McCall spoke to reporters Tuesday in the Capitol press room and said revenue measures — like the cigarette tax and the fuel tax, among others — won’t be heard until later in the session because House members want to begin the full budget process first.
“They want to take those up after they’ve been through the budgeting process. Keep in mind we have 32 new members in the House (…) and they’ve never been through a budgeting process,” McCall said. “I do believe that all of (the proposed revenue measures) will be discussed in one form or fashion.”
The speaker said Osborn’s request for the effects of 14.5 percent agency cuts will help his caucus determine budgetary needs, but he said legislators must examine details with a critical eye.
“It’s easy just to say, ‘We’re going to make cuts.’ It’s easy just to say, ‘Let’s go raise revenue.’ What’s hard and what we need to do is make sure we’re rolling up our sleeves and make sure we’re looking at everything,” McCall said. “I’m quite certain that every agency out there can find efficiency in what they’re doing. (…) If the agencies can convince us that they’re doing a great job of that, then our members are much more open to the idea of other considerations.
“But until you prove to the Legislature you are managing the money well that we appropriate to you — because we are beholden to the people of Oklahoma, the taxpayers and those who elect us — we’re not just going to accept, ‘We’re going to turn prisoners loose and we’re going to cut services.’ We don’t want those things to happen, but you have to come prove to us that that’s the only alternative.”
OCPA’s Bond: Rein in wind subsidies
Oklahoma Council of Public Affairs vice president for advocacy Dave Bond views the scenario as another example of why legislators should act to eliminate or reform tax subsidies, particularly for wind power.
“If wind subsidies are reined in for the coming budget, that opens up a lot of possibilities and negates a lot of the sky-is-burning rhetoric that some folks are using,” Bond said. “If nothing is done to rein in subsidies for foreign and out-of-state wind companies, then agencies may face larger reductions. A teacher pay raise becomes much more difficult to accomplish.”
Bond, who touts on Twitter that the Tulsa World once called him “an anti-tax lobbyist,” said taxpayer priorities are often quite different from priorities discussed within the Capitol’s walls.
“I don’t catch a lot of gloom and doom from taxpayers — a lot of worry from them — about state parks,” Bond said. “They do want teachers to get a pay raise. They do want that, and it needs to happen.”
He also pondered the broader financial situation of state parks.
“We could ask ourselves, if a park is in danger of closing down without a state appropriation, is that park self-sustainable?” Bond said. “Are there enough people (…) to sustain that park? That’s a question we probably need to be asking as well.”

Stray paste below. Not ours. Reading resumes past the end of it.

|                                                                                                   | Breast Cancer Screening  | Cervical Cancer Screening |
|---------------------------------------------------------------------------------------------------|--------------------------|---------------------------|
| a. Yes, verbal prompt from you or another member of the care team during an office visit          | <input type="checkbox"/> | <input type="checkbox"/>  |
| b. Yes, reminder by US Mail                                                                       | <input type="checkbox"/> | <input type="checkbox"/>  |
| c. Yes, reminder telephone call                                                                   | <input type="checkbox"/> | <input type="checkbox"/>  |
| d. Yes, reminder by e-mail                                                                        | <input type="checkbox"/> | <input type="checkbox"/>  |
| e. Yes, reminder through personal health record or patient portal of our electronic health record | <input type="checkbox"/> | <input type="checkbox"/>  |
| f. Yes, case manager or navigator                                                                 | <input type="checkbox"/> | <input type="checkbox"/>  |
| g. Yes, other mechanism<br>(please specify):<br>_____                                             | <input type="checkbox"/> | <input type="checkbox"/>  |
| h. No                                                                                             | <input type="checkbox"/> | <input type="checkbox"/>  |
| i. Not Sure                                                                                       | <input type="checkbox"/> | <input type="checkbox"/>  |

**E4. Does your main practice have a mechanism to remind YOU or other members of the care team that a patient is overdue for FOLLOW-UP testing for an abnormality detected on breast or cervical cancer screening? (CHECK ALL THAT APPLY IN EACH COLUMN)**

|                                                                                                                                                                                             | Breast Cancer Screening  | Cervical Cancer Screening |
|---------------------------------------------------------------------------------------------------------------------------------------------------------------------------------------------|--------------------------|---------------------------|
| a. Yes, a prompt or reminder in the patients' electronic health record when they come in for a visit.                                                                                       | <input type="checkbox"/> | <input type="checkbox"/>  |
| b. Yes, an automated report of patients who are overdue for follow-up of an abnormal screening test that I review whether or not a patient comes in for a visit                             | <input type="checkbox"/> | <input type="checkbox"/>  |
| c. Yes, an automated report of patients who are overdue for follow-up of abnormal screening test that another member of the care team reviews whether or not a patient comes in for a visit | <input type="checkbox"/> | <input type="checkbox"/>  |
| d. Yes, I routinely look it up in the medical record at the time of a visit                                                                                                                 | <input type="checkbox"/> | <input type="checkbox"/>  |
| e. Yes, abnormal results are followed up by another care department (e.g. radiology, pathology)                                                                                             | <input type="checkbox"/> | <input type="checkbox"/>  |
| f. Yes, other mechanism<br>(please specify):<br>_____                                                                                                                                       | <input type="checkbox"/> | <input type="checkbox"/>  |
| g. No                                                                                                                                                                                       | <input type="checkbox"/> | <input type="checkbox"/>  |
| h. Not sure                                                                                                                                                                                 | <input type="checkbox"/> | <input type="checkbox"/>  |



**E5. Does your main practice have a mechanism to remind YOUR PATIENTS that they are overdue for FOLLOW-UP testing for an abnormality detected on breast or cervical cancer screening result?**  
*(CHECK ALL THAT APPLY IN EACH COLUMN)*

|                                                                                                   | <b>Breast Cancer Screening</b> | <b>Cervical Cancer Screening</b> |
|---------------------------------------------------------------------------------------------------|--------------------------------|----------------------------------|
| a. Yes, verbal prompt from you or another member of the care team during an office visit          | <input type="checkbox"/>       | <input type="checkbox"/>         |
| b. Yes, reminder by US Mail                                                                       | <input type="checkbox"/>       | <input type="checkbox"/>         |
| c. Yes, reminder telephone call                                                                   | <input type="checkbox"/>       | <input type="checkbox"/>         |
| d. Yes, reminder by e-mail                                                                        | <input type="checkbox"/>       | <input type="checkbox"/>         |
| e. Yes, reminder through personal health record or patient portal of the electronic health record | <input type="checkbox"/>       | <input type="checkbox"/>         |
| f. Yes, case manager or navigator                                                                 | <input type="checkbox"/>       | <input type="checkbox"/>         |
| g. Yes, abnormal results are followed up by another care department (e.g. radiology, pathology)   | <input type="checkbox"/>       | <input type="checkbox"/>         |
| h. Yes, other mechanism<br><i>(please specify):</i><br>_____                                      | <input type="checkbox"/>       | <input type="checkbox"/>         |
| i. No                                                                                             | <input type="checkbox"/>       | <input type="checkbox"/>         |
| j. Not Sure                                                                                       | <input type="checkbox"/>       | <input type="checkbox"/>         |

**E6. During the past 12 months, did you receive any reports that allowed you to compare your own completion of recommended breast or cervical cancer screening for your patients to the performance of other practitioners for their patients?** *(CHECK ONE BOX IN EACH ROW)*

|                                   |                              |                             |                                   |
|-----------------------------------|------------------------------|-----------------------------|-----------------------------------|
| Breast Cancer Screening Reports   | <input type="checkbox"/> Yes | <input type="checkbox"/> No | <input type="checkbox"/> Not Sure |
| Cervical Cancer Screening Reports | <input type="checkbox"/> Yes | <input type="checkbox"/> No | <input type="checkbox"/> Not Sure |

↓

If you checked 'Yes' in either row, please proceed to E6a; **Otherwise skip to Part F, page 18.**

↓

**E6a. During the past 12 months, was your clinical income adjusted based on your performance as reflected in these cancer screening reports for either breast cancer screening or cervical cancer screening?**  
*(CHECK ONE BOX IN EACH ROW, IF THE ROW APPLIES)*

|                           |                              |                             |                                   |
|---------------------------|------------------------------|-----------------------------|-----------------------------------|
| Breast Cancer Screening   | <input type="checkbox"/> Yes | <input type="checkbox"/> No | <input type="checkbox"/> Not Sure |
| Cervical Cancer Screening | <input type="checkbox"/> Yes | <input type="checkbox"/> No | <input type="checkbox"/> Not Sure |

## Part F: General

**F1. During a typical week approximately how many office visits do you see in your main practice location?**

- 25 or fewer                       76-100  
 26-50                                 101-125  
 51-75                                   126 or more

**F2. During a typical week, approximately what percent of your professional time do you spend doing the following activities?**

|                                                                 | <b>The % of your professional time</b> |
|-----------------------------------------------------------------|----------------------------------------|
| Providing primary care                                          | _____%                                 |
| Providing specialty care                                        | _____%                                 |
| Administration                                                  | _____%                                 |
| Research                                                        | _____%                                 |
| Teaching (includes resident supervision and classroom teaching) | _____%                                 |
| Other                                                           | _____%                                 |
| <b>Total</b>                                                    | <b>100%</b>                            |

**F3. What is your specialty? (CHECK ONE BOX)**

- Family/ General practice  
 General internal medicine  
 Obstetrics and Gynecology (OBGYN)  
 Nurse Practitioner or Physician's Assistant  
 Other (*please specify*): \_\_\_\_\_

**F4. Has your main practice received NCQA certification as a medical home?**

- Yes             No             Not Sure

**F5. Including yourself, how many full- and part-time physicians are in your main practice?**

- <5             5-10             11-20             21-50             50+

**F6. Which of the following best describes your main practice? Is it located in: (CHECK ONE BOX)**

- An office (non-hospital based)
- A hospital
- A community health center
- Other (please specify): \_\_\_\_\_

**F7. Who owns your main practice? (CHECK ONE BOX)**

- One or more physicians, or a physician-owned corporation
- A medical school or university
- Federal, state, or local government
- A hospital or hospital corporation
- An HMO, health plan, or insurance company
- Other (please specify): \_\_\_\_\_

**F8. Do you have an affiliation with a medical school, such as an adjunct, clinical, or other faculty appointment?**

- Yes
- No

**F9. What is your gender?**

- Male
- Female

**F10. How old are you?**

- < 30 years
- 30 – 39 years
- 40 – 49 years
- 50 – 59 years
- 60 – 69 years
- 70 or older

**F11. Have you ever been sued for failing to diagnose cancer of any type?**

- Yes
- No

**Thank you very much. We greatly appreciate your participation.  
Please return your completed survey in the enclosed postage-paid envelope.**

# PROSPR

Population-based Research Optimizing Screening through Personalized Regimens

Gubernatorial candidate blames spending
Bond wasn’t the only person to play devil’s advocate about the hypothetical park closures Tuesday.
Gubernatorial hopeful Gary Richardson sent out a press release blasting a 2012 bill that took money from the State Park Trust to help fund Lake Murray State Lodge, which had its grand opening Feb. 22.
“The raiding of the State Park Trust to fund this hotel is ‘Exhibit- A’ of why Oklahoma doesn’t have a revenue problem, but a spending problem,” Richardson said in his release. “The original intent of the State Park Trust was to make the Oklahoma state parks less reliant on taxpayer funding through royalty payments from drilling and other fees. But our leaders instead decided to raid the trust in 2012 and now the chickens have come home to roost.”
Film tax rebate could be examined
Another controversial state expenditure is also tied to the OTRD: the Oklahoma Film Rebate program. The state’s Incentive Evaluation Commission reviewed the tax rebate for movie productions in Oklahoma and eventually recommended its allowed sunset in 2024.
But the commission’s report on the rebate said the program is not achieving its goals, despite costing anywhere between $900,000 and $6.5 million a year over the five most recent fiscal years on record.
“There is no evidence that the Oklahoma film industry has strengthened during the time period when the rebate has been available,” the report stated.
Osborn said lawmakers may need to examine the film tax rebate if a major cut to the OTRD would mean such broad park closures.
“To be honest, that’s one of the things we will look at,” Osborn said. “At the end of the day, with however the budget comes out, we probably will look at line-iteming at lot of things. We haven’t done that a lot in the last few years. I think we need to get back to that so that we actually show intent on what we would like to be funded or not funded. ”
Setting line items and budget limits can offer legislators control over how agencies prioritize their appropriated dollars.
“I will say, Tourism has had some draconian cuts the last two years. They didn’t only get their normal cut, they also received caps on that apportionment fund that they have received, and that happened last year,” Osborn said. “So my hope is that we don’t have to do any of those measures, but I did think we need to have the scenario out there of here’s what happens if we don’t address revenue.”